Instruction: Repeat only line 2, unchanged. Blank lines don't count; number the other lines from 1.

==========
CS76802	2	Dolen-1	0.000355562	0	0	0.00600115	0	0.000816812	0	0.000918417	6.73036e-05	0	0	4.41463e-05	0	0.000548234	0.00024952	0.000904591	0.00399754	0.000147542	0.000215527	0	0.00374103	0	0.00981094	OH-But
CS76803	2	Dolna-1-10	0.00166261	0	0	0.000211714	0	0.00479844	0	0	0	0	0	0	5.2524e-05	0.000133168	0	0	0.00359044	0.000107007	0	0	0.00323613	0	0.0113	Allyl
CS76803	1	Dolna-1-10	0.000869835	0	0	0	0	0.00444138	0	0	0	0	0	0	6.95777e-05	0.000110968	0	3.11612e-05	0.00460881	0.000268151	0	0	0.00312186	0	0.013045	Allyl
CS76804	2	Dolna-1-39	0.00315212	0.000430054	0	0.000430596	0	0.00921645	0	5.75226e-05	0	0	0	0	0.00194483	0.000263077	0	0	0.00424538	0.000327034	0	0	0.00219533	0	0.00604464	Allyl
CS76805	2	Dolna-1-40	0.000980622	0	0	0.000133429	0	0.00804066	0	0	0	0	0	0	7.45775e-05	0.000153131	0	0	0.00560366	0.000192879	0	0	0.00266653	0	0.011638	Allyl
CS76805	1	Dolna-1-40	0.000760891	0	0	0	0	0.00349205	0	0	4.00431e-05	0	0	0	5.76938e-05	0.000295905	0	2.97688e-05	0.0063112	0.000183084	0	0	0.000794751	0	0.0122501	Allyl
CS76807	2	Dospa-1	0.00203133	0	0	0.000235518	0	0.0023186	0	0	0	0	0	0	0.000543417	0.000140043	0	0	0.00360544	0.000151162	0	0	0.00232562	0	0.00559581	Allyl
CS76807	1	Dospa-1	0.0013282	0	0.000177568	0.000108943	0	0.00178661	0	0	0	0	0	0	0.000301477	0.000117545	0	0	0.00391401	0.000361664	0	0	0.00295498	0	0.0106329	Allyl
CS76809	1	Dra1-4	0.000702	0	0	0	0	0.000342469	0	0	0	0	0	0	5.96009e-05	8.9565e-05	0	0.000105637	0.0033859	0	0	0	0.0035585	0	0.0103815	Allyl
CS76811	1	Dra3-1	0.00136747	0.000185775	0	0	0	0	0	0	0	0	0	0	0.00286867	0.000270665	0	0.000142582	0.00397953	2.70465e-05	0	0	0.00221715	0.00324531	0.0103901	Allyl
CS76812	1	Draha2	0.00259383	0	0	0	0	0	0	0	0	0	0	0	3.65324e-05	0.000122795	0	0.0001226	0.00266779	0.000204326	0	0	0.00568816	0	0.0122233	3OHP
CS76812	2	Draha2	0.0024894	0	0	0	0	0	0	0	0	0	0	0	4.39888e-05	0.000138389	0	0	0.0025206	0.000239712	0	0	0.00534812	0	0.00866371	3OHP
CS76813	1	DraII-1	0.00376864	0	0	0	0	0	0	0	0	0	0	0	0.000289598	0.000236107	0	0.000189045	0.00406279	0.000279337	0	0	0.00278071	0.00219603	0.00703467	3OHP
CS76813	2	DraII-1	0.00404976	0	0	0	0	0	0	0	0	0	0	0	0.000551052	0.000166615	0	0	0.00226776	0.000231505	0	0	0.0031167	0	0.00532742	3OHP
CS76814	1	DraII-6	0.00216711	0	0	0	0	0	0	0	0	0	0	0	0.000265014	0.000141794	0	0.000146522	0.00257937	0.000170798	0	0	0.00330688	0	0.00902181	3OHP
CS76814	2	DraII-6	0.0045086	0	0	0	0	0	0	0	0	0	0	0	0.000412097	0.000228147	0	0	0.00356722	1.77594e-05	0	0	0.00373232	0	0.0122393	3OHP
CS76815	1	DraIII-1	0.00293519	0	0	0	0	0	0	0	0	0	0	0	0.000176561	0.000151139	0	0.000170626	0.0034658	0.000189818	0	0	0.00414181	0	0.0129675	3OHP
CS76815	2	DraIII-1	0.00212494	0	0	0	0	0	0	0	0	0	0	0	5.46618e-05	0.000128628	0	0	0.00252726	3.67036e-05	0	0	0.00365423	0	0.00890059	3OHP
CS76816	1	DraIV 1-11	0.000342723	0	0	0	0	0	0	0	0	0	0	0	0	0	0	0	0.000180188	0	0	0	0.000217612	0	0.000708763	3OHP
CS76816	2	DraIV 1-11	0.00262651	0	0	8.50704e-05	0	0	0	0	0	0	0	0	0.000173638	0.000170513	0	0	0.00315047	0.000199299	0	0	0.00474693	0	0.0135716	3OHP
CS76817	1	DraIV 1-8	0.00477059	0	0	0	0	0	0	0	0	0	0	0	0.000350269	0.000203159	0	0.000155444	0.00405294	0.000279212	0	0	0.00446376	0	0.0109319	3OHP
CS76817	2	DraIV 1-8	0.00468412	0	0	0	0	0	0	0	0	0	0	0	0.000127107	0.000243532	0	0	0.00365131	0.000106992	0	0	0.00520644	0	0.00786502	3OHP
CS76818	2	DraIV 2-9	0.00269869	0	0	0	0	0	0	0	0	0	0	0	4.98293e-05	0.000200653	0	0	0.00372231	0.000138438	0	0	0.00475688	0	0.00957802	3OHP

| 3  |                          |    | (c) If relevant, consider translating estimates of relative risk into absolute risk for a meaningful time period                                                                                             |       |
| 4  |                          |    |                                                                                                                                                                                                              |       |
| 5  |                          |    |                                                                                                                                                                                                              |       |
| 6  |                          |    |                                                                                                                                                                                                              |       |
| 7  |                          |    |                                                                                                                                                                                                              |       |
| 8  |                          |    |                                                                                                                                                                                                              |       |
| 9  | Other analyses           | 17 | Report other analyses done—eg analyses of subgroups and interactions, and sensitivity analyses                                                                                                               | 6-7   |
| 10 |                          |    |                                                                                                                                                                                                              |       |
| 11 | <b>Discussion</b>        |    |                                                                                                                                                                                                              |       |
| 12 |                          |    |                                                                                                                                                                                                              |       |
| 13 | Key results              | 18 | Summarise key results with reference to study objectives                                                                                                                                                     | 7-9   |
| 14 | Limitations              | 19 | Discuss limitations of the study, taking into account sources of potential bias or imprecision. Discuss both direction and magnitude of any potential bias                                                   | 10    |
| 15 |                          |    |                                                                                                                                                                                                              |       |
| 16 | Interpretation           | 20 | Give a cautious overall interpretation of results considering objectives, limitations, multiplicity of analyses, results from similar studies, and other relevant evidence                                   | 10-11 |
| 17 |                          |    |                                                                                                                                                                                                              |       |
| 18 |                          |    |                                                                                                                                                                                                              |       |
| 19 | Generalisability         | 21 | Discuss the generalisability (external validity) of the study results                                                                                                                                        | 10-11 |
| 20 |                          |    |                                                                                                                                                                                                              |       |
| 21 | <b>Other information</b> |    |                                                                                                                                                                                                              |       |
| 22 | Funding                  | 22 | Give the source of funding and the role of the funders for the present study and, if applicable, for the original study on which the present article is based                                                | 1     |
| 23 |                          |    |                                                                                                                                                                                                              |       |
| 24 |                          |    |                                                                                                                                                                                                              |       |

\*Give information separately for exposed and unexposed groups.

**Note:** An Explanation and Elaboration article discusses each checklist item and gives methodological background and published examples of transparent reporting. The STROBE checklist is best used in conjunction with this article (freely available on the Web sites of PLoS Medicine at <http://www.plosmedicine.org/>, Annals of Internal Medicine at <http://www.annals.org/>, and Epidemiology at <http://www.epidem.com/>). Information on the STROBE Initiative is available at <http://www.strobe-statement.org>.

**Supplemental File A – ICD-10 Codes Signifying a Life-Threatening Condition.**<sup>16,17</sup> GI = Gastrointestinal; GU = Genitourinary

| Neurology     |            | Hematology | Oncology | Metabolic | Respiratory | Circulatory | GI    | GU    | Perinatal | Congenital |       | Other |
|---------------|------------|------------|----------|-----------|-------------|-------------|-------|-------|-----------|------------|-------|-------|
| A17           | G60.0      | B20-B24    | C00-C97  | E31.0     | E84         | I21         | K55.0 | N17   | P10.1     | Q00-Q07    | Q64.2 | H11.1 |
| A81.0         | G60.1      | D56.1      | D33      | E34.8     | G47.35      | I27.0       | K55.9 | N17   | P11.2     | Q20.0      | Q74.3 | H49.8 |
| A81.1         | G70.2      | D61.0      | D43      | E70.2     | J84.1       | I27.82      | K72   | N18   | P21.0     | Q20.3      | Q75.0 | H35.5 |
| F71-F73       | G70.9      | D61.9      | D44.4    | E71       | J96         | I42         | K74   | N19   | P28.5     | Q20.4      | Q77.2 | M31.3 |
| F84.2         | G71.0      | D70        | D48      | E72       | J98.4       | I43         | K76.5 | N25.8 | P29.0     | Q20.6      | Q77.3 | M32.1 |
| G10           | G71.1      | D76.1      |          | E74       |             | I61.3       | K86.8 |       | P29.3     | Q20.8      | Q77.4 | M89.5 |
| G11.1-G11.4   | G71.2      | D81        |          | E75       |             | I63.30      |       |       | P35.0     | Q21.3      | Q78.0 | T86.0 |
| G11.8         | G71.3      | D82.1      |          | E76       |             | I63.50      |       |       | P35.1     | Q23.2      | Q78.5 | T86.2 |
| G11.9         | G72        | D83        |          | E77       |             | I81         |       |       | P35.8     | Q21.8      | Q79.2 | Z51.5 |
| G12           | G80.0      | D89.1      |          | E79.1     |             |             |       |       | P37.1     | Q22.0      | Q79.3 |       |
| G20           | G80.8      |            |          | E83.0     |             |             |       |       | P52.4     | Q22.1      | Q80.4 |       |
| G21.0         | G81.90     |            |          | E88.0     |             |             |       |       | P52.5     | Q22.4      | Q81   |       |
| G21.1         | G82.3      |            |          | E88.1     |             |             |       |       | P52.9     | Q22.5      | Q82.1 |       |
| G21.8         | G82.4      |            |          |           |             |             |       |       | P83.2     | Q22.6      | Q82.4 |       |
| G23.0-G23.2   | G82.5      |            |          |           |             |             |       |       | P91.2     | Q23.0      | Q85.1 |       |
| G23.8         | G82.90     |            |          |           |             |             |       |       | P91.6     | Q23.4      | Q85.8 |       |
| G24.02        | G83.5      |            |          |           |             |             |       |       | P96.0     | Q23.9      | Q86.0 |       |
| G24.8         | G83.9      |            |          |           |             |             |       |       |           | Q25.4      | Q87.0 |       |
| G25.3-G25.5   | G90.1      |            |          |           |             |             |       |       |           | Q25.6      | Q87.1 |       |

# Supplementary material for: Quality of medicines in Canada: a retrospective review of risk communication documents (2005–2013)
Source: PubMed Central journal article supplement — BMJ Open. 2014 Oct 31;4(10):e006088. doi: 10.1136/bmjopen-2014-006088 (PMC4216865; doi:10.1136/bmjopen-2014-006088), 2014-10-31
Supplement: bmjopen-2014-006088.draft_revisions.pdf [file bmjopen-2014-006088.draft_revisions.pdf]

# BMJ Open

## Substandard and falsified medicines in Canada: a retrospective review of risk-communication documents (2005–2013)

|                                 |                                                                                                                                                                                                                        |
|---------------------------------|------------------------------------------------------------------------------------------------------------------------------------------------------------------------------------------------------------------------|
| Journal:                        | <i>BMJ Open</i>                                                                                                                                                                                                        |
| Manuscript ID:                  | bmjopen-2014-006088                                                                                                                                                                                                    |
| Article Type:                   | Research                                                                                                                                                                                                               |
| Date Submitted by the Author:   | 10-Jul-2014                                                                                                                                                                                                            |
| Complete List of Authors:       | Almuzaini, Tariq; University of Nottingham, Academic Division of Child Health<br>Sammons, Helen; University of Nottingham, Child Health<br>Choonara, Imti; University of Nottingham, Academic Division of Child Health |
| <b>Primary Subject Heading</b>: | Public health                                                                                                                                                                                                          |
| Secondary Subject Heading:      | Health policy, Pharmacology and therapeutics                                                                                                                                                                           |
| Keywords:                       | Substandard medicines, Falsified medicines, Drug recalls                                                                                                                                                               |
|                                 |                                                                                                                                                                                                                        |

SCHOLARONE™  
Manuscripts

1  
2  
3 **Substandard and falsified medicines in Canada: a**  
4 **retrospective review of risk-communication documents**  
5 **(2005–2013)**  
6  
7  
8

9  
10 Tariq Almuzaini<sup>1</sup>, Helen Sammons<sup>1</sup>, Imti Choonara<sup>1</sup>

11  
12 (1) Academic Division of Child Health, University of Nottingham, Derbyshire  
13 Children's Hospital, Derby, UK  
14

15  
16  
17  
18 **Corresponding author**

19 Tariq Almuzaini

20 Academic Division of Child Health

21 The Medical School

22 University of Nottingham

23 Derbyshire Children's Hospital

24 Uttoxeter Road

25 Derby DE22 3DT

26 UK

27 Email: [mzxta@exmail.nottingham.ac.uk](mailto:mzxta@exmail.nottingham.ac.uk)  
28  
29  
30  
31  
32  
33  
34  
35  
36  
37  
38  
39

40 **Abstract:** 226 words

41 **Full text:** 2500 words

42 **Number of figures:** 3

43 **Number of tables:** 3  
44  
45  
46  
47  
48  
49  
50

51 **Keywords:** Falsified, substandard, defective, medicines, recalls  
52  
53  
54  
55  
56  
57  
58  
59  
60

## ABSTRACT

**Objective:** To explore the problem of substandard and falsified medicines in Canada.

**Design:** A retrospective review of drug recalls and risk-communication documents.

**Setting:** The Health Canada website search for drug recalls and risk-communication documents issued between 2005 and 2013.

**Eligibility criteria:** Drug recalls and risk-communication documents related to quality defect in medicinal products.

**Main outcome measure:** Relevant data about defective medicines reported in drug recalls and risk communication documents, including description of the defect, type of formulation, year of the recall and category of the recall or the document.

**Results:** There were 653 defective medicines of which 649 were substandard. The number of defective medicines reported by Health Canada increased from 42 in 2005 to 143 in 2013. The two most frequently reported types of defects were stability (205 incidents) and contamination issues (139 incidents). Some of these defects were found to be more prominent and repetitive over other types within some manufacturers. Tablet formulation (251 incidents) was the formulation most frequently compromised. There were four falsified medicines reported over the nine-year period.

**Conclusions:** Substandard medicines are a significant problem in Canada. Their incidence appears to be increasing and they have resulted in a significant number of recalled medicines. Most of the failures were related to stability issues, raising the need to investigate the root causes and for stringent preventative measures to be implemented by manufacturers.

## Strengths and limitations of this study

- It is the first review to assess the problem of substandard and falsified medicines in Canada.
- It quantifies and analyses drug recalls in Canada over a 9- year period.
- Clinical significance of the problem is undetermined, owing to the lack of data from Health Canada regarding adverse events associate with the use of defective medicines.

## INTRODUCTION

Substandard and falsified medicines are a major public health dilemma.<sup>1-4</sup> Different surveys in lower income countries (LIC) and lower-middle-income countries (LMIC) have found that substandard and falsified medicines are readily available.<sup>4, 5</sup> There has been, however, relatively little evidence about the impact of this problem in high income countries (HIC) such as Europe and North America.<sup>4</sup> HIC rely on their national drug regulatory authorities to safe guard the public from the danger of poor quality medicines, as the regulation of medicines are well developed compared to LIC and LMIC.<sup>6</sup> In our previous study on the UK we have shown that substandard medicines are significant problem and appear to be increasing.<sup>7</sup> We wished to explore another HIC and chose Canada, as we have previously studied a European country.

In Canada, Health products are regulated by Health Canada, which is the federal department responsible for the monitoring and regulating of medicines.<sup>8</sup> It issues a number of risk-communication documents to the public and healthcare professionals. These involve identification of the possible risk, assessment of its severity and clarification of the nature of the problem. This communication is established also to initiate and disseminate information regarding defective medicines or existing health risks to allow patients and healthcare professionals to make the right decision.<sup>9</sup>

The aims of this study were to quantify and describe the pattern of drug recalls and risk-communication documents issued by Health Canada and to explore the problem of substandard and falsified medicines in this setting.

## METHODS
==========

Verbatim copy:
CS76803	2	Dolna-1-10	0.00166261	0	0	0.000211714	0	0.00479844	0	0	0	0	0	0	5.2524e-05	0.000133168	0	0	0.00359044	0.000107007	0	0	0.00323613	0	0.0113	Allyl